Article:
Five underrated food cities in the South
Five underrated food cities in the South:-The South has a defined cuisine that has put it on the food map in recent years largely thanks to cities like Charleston and New Orleans hogging the spotlight. We’re not denying that those cities have excellent food, but smaller locales like Baton Rouge, Louisiana’s capital, and Lexington, Louisville’s oft-overlooked Kentucky neighbor, have food scenes that can compete with the South’s — and the country’s — best.
Baton Rouge, La., is ground zero for some excellent Cajun and Creole food, but unbeknownst to many, the city has so much more to offer. There’s a healthy pop-up scene and new spots like Cocha and Kalurah Street Grill are garnering widespread praise. Local radio talk show host Jay Ducote was a runner up on Season 11 of Food Network Star and runs a taco pop-up called Gov’t Taco that will finally get a permanent space next year. “Baton Rouge is really like a gumbo pot of all Louisiana cultures in one place,” explains Ducote. “We get the Creole influences of New Orleans, the Cajun culture from Acadiana and the traditional southern flare from the north part of the state. It all converges here in Baton Rouge, where finding our own unique culture has been challenging in the past.” The city is finding itself, thanks to “a crop of young chefs and adventurous culinarians who are pushing our food scene forward and using all of our various resources and influences to create a food scene that we can call our own,” he says.
Birmingham, Ala., is home to multiple James Beard Award winners, like Frank Stitt of Highlands Bar & Grill and his protégé Chris Hastings (Hot and Hot Fish Club, Ovenbird), and now the city is an incubator for new talent. Brian Somershield opened El Barrio Restaurante y Bar in 2016, Abhishek Sainju opened Abhi Eatery + Bar in March, and with the opening of Pizitz Food Hall this year, there’s even more space for new chefs to flourish.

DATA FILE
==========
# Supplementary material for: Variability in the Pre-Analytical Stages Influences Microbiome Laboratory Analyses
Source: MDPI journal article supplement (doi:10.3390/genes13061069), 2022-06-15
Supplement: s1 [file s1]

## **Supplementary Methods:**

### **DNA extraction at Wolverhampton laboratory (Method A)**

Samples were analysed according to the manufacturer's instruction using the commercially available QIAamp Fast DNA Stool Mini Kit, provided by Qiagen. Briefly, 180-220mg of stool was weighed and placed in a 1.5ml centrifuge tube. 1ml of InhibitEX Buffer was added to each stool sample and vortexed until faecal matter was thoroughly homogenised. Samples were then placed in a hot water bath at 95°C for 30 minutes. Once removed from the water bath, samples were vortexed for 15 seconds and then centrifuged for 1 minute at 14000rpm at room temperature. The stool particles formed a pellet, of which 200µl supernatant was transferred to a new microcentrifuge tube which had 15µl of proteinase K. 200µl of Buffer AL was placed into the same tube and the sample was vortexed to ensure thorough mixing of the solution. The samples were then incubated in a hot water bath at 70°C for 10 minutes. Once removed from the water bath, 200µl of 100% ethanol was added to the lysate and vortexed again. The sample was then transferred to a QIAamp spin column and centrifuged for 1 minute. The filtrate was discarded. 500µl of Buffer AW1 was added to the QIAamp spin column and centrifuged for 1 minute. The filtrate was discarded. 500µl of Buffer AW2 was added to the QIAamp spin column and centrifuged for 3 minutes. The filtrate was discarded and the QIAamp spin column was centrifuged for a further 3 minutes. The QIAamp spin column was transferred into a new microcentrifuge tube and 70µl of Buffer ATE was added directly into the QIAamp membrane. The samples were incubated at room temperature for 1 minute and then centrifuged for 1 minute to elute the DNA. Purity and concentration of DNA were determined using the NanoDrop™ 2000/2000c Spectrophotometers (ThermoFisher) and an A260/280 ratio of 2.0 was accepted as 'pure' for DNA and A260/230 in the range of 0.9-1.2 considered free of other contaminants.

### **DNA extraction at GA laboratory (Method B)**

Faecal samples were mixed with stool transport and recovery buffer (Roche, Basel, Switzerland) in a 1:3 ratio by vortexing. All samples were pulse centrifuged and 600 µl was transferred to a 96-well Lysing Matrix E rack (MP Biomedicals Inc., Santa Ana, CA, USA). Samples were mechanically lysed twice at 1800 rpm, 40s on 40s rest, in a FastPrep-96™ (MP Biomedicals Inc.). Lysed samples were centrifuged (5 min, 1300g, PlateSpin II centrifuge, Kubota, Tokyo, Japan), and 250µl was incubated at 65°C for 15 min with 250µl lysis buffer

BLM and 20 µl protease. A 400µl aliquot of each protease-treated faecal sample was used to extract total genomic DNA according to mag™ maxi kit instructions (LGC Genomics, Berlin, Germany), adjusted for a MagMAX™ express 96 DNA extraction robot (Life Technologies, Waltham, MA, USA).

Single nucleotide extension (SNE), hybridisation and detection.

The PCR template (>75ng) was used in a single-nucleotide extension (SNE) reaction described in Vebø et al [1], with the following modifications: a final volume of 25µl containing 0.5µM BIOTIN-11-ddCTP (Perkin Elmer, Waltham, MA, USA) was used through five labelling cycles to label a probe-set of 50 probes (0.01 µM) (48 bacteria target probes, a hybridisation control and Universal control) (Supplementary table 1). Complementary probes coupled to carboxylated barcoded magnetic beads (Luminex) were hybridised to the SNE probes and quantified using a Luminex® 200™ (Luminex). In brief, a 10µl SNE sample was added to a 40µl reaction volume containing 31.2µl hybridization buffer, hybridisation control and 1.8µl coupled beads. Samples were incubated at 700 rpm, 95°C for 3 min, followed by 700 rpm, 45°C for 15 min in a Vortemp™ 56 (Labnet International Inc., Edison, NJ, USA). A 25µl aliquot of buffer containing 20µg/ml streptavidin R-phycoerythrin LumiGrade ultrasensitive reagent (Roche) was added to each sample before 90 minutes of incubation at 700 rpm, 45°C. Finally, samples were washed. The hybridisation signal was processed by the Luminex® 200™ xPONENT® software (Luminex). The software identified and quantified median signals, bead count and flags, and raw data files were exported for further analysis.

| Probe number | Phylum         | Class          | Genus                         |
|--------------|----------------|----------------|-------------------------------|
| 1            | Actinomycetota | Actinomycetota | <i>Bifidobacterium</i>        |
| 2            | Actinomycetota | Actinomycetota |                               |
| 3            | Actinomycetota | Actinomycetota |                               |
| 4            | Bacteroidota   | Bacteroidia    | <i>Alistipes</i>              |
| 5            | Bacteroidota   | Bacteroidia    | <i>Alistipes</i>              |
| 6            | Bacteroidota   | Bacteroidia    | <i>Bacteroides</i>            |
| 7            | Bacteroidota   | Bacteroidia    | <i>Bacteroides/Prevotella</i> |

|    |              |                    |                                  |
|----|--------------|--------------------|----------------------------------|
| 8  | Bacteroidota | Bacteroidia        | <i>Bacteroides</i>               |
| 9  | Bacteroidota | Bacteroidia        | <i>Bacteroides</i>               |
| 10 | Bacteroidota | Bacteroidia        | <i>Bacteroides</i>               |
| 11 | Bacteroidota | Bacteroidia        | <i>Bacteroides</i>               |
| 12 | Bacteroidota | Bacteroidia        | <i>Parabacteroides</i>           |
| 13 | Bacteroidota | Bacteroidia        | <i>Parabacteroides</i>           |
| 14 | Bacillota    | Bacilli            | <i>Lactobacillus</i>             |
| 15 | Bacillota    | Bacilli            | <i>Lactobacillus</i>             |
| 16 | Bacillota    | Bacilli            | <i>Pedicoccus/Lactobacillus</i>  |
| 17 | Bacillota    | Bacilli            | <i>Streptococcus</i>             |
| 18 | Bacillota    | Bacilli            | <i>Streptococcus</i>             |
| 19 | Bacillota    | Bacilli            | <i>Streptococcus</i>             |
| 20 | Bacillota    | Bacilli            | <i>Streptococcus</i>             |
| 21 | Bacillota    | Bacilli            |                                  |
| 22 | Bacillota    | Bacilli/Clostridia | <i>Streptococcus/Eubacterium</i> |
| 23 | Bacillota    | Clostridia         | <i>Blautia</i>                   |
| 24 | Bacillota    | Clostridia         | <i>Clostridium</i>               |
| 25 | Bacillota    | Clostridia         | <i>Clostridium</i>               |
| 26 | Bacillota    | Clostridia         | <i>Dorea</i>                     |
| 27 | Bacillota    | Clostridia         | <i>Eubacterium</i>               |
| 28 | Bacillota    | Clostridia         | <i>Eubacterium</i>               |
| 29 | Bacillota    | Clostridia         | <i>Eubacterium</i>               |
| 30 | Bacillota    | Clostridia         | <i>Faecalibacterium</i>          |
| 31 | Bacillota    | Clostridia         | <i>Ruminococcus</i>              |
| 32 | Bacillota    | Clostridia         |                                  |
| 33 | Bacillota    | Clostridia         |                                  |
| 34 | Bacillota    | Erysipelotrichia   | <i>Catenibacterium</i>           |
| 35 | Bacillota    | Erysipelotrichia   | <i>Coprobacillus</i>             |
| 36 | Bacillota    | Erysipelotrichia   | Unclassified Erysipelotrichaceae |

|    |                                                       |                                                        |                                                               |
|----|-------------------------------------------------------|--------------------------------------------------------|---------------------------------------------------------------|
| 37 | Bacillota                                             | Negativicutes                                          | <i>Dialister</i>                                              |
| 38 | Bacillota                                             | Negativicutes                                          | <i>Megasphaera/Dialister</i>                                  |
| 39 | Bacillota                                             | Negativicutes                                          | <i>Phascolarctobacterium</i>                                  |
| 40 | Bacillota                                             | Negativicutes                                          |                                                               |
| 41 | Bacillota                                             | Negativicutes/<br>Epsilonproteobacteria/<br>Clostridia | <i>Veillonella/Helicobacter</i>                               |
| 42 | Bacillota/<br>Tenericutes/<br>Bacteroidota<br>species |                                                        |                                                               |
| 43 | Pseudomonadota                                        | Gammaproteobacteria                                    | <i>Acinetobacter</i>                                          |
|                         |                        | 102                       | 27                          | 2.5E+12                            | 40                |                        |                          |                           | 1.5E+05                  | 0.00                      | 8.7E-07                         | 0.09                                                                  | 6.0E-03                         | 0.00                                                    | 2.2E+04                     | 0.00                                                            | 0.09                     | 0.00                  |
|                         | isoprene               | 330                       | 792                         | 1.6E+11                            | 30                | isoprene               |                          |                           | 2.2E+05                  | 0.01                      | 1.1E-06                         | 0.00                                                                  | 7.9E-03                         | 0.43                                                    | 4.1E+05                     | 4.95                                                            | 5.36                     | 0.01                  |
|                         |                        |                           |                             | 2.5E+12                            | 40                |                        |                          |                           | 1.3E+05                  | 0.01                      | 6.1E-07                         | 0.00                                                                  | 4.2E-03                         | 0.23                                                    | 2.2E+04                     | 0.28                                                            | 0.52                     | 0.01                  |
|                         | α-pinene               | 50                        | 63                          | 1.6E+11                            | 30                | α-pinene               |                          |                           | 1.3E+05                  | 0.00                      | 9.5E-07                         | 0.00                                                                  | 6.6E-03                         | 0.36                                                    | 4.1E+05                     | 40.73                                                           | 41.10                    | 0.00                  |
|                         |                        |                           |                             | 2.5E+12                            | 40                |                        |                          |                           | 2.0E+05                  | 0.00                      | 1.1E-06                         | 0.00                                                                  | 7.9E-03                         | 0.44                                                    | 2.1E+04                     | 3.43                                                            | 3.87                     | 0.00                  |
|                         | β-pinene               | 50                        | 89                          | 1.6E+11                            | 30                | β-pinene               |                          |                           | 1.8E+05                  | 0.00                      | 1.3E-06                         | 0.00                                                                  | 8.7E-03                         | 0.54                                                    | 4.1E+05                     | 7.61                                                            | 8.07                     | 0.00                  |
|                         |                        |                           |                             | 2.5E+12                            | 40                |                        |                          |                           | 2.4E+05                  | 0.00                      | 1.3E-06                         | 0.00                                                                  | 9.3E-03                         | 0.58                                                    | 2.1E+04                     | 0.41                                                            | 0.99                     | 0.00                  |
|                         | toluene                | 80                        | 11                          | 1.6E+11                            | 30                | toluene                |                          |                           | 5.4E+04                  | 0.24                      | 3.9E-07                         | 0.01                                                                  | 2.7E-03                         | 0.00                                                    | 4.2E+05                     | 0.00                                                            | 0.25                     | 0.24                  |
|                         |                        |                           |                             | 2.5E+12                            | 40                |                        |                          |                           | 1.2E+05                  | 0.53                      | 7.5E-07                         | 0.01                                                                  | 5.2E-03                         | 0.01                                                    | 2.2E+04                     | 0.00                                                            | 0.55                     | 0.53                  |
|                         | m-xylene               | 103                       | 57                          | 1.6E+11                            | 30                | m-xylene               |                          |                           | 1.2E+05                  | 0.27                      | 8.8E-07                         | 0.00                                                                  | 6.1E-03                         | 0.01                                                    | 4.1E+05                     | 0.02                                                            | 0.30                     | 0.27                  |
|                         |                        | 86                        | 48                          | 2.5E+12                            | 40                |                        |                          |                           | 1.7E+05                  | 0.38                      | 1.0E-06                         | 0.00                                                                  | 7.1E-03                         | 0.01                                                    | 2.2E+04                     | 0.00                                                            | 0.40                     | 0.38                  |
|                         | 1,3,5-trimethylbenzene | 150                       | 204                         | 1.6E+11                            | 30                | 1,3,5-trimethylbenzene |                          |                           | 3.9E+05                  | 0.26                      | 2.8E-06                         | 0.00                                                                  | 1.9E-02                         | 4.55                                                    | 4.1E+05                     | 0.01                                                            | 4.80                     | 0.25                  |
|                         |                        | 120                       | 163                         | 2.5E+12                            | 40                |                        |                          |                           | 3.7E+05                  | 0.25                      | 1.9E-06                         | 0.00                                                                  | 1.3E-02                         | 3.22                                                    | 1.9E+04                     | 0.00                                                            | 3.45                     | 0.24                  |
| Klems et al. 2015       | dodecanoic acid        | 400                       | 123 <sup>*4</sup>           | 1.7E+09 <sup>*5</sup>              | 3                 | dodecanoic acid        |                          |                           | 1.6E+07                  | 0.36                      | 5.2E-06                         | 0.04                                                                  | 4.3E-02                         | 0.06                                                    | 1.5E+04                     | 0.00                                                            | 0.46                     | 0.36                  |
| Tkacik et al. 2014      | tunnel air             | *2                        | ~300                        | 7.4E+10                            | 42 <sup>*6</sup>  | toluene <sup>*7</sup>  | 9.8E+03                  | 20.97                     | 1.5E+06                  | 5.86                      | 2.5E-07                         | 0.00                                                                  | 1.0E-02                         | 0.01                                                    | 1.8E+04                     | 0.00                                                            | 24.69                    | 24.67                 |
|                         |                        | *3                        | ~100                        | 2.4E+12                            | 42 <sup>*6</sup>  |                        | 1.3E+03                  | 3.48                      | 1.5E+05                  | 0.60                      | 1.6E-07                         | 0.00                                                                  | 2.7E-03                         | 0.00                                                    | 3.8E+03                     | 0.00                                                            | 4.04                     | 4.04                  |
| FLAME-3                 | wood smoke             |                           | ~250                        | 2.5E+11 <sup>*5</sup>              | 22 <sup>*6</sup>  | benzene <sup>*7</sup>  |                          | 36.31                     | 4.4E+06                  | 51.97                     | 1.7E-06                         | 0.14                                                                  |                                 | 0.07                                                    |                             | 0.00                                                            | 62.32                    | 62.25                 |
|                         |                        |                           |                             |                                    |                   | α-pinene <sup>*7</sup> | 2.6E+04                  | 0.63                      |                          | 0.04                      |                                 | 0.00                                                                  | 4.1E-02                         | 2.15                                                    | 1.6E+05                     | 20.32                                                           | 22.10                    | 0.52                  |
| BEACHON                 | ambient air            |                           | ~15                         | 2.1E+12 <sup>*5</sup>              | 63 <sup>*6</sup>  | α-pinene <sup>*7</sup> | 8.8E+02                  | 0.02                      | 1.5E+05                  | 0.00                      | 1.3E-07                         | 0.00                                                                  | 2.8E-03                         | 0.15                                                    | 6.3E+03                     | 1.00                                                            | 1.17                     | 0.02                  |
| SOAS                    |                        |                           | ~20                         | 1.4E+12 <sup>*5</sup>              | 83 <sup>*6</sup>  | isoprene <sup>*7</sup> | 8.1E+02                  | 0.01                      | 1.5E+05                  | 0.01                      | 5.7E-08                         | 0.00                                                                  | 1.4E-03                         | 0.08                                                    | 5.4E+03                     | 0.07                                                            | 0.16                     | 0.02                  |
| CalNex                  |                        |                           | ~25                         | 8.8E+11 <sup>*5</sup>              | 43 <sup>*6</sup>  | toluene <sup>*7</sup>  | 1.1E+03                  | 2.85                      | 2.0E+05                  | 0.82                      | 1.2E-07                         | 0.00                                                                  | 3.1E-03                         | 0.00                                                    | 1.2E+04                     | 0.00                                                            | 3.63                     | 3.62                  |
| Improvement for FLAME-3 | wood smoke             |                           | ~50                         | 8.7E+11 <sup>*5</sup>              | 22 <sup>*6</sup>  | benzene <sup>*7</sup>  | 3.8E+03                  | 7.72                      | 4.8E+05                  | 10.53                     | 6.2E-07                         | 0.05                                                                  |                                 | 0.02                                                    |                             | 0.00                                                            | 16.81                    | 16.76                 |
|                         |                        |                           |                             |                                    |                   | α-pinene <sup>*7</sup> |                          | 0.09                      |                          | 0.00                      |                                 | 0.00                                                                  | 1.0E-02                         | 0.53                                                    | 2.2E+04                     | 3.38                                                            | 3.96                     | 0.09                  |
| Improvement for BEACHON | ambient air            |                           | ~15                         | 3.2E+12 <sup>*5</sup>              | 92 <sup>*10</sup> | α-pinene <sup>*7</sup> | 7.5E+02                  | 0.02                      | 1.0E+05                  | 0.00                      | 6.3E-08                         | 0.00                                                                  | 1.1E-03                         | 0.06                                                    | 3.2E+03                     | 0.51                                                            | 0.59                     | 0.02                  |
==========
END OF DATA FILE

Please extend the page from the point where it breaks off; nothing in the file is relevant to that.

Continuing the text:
Lexington, Ky., is often overshadowed by nearby Louisville, but its food — and bourbon — scene can certainly stand up to the challenge. Longtime spots like Stella’s and Dudley’s on Short mingle with lauded newcomers like Middle Fork and Lockbox. And the award-winning chef Ouita Michel has three spots in the city to complement her other restaurants along the Kentucky Bourbon Trail, including the just-opened Honeywood. She has been a James Beard Foundation Award nominee as Outstanding Restaurateur and as Best Chef: Southeast numerous times. The city also welcomes Kentucky’s first food hall with the just-opened The Barn, inside The Summit in Fritz Farm development.
Greenville, S.C., Asheville, N.C.’s southern neighbor, has been slowly making a name for itself thanks to pioneering chefs like Joe Clarke of the recently closed American Grocery and newly opened Vault & Vator, and Michael Kramer, who opened Jianna after stints at Wolfgang Puck’s Spago and McCrady’s in Charleston, S.C. Meanwhile, newcomers The Anchorage and GB&D are making waves with their new takes on southern classics, while Methodical Coffee serves the kind of brew you’d expect to only find in coffee-focused cities like New York and Seattle.
Athens, Ga., lives under Atlanta’s shadow but it’s had one very famous champion: chef Hugh Acheson of Top Chef fame and winner of two James Beard awards. His two Athens restaurants, Five & Ten and The National, have helped put the college town on the map and led the way for spots like home.made, from Five & Ten’s former executive sous chef Mimi Maumus; Condor Chocolates from The National’s executive chef Peter Dale; and Pulaski Heights BBQ, from former Five & Ten executive chef Chuck Ramsey, to open over the last few years. There are some non-Acheson related spots worth seeking out as well, like vegetarian institution The Grit and Creature Comforts Brewing Co.